After a week of effective use, I stop using the metronome as part of my training. It turns out that I’m able to perform much better when there isn’t a constant clicking in my ear.
November 13, 2016
Up until this point, I mainly practiced memorizing and recalling 26 cards at a time (i.e. half the deck). This helped me iterate and learn faster, but it also prevented me from realizing a major problem: When I try to memorize and recall the entire deck, I struggle to recall most of the cards.
In this article, I describe a new recall approach that I hope will address this issue.
November 14, 2016
After two weeks of practice, I decide to film myself memorizing again. This time, I memorize the entire deck in 2 minutes and 34 seconds, without making any mistakes.
The video is included in the article.
November 15, 2016
After my successful memorization, I decide to take the next day off. The day off isn’t only celebratory, but also necessary. I explain why in the article.
November 16, 2016
While I’m making steady progress, I still feel like I’m not practicing optimally. In this article, I describe how I rework my schedule in order to improve my practice sessions. Mainly, I stay longer at work, which is an odd twist.
November 17, 2016
I’m still struggling with consistent recall, so I readdress my PAO system, and particularly how I mentally visualize the PAO mnemonics.
November 18, 2016
With my challenge still incomplete, I get on a plane from San Francisco to New York, in order to spend Thanksgiving with my family. I’m a bit worried that I’ll have less time to practice in New York, and I discuss these fears in this article.
November 19, 2016
Right before my flight, I decided to take out my camera and film one last memorization attempt in San Francisco.
I memorize the deck perfectly in 2 minutes and 2 seconds, which is exciting and heartbreaking. The video is included in this article.
November 20, 2016
It’s hard to fully appreciate the videos of my memorization attempts because all the interesting stuff is happening in my brain. So, in this article, I try to share some “inside commentary”.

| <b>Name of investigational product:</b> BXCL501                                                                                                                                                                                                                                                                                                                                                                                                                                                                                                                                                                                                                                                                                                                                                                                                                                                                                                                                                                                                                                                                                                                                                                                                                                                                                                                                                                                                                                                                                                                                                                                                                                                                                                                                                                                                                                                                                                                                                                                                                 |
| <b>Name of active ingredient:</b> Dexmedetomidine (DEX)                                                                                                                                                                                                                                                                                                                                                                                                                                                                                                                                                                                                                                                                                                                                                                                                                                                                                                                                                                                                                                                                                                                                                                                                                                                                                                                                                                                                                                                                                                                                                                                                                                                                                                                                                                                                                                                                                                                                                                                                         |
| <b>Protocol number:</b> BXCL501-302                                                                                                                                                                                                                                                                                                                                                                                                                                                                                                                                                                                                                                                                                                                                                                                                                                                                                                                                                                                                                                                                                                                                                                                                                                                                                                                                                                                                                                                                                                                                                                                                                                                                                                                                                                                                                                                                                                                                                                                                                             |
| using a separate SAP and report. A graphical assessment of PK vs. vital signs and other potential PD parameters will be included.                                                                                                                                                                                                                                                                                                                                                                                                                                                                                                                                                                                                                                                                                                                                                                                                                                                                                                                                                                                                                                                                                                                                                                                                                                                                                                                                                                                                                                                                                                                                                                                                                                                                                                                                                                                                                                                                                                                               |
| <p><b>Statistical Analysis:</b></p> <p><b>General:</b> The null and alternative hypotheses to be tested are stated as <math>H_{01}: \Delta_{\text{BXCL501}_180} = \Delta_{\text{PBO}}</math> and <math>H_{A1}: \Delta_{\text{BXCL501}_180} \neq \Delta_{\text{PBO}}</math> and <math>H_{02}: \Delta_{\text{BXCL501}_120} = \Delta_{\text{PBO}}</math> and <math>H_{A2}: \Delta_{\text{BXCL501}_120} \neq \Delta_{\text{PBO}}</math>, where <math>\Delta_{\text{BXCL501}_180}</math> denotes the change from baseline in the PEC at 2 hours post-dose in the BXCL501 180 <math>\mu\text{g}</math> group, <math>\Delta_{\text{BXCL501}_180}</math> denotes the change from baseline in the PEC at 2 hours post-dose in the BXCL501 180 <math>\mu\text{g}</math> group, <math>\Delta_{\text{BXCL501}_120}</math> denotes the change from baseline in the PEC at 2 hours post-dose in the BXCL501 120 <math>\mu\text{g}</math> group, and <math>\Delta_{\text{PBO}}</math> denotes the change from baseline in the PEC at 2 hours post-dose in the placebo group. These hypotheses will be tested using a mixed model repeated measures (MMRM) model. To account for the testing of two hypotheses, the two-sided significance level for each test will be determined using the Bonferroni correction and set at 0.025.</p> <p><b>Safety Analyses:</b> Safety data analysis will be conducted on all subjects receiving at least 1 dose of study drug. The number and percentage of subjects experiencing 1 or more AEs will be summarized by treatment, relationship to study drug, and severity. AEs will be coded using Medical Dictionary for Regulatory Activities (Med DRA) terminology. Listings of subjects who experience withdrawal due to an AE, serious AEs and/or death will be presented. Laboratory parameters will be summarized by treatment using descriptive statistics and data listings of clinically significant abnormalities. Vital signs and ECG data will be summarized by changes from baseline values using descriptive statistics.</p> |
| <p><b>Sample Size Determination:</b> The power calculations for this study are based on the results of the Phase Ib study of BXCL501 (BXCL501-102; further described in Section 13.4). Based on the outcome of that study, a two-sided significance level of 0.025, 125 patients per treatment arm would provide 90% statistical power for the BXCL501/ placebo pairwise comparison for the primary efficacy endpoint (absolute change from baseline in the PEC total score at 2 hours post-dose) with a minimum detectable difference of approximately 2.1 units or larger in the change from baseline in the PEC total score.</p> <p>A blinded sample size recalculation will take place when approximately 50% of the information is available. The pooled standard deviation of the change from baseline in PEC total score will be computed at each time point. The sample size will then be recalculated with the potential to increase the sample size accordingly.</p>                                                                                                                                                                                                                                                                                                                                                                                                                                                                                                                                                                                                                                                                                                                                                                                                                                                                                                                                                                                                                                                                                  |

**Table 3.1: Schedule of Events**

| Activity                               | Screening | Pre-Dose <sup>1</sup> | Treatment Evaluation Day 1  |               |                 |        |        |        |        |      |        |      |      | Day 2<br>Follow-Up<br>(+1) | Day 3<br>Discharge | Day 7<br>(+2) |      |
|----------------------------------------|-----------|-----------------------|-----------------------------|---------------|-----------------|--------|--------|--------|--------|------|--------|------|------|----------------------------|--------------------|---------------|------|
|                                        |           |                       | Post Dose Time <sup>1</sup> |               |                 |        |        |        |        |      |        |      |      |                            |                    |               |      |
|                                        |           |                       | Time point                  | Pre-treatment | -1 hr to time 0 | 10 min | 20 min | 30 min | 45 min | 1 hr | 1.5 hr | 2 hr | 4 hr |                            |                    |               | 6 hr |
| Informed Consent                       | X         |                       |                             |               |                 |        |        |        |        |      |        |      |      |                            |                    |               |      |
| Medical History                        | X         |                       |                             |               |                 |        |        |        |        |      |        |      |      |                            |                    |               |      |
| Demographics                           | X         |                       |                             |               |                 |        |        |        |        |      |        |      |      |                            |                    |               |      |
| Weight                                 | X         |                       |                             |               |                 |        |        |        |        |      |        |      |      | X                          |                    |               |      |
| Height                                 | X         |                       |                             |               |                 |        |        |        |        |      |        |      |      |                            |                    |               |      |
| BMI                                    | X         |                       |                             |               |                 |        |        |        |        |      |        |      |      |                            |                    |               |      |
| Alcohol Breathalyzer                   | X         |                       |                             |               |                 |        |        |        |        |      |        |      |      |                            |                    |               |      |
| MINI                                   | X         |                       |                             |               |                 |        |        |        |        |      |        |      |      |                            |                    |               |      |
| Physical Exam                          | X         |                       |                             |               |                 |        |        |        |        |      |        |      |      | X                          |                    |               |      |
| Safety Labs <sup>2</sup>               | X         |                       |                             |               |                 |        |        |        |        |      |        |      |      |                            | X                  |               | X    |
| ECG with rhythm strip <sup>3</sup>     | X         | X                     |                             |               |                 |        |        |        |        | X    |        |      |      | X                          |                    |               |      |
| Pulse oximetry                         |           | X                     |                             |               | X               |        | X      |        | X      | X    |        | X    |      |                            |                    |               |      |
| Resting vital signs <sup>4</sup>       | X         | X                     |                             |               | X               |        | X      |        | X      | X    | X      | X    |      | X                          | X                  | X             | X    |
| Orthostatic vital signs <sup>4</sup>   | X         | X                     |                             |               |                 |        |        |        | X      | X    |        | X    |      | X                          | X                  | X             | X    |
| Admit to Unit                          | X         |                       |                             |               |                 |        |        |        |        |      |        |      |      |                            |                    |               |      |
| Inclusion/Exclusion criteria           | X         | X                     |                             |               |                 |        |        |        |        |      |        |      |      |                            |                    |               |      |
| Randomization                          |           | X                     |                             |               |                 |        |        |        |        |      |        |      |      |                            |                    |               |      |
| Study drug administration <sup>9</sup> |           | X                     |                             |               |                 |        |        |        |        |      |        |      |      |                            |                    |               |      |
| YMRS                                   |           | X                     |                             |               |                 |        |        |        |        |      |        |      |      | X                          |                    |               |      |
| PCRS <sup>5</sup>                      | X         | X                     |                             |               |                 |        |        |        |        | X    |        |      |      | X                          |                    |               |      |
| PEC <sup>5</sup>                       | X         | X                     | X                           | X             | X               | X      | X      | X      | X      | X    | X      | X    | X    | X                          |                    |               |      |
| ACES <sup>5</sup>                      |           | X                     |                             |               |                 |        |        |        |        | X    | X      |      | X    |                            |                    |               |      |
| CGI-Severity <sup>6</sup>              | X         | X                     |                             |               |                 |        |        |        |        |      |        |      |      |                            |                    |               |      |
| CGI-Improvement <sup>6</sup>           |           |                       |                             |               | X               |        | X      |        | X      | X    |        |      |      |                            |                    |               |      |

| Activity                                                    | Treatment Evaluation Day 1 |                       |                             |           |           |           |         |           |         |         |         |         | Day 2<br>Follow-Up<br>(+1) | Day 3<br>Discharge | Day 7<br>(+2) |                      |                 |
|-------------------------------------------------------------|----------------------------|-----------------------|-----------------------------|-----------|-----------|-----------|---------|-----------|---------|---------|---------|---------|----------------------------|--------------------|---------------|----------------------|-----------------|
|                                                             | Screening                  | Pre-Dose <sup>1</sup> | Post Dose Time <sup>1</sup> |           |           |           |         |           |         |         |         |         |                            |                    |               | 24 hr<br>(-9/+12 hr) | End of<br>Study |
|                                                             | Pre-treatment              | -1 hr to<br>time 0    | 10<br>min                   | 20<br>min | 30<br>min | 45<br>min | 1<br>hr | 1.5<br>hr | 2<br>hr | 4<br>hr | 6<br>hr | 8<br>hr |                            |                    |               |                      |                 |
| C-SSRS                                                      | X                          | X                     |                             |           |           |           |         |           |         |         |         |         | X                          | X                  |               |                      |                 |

November 21, 2016
After practicing for three weeks, I start developing this oddly-specific type of synesthesia, where real-life things automatically trigger mental images of playing cards.
November 22, 2016
On video, I memorize a deck of cards in 1 minute and 50 seconds, but I mix up the order of two cards.
November 23, 2016
I’m still in New York at my parent’s house, which is much more isolated than my San Francisco apartment, and, as a result, is very quiet. Actually, not just quiet, but silent.
It turns out that practicing in complete silence makes a big difference.
November 24, 2016
I complete the November’s challenge in 1 minute and 47 seconds. The memorization was captured on video and included in the article.
November 25, 2016
Now that I’ve completed the challenge, I discuss my longer-term ambitions.
November 26, 2016
Over Thanksgiving weekend, as an interlude from memorizing cards, my extended family (16 of us) decided it would be fun to take a trapezing lesson. I think this explains a lot about my upbringing and the kind of person I am.
The article includes a video.
November 27, 2016
While seeing my extended family, I was asked many times to perform Speed Cards as a party trick. I found that I had trouble performing the standard feat in front of an audience, so, in this article, I discuss some clever modifications that make Speed Cards as a trick much easier.
November 28, 2016
With only three days left in the month, I am curious how much time I actually spent on November’s challenge. After aggregating the data from my practice logs and summing everything up, I find that I only spent 22 hours, which isn’t so long.
November 29, 2016
In this article, in order to continue motivating my Speed Cards process, I set another ambitious goal. Sadly, I’ve been distracted by other goals, and have largely ignored this one.
November 30, 2016
To finish off the month, I reflect on the challenge and the positive effects it’s had on my life. I also recommend a book.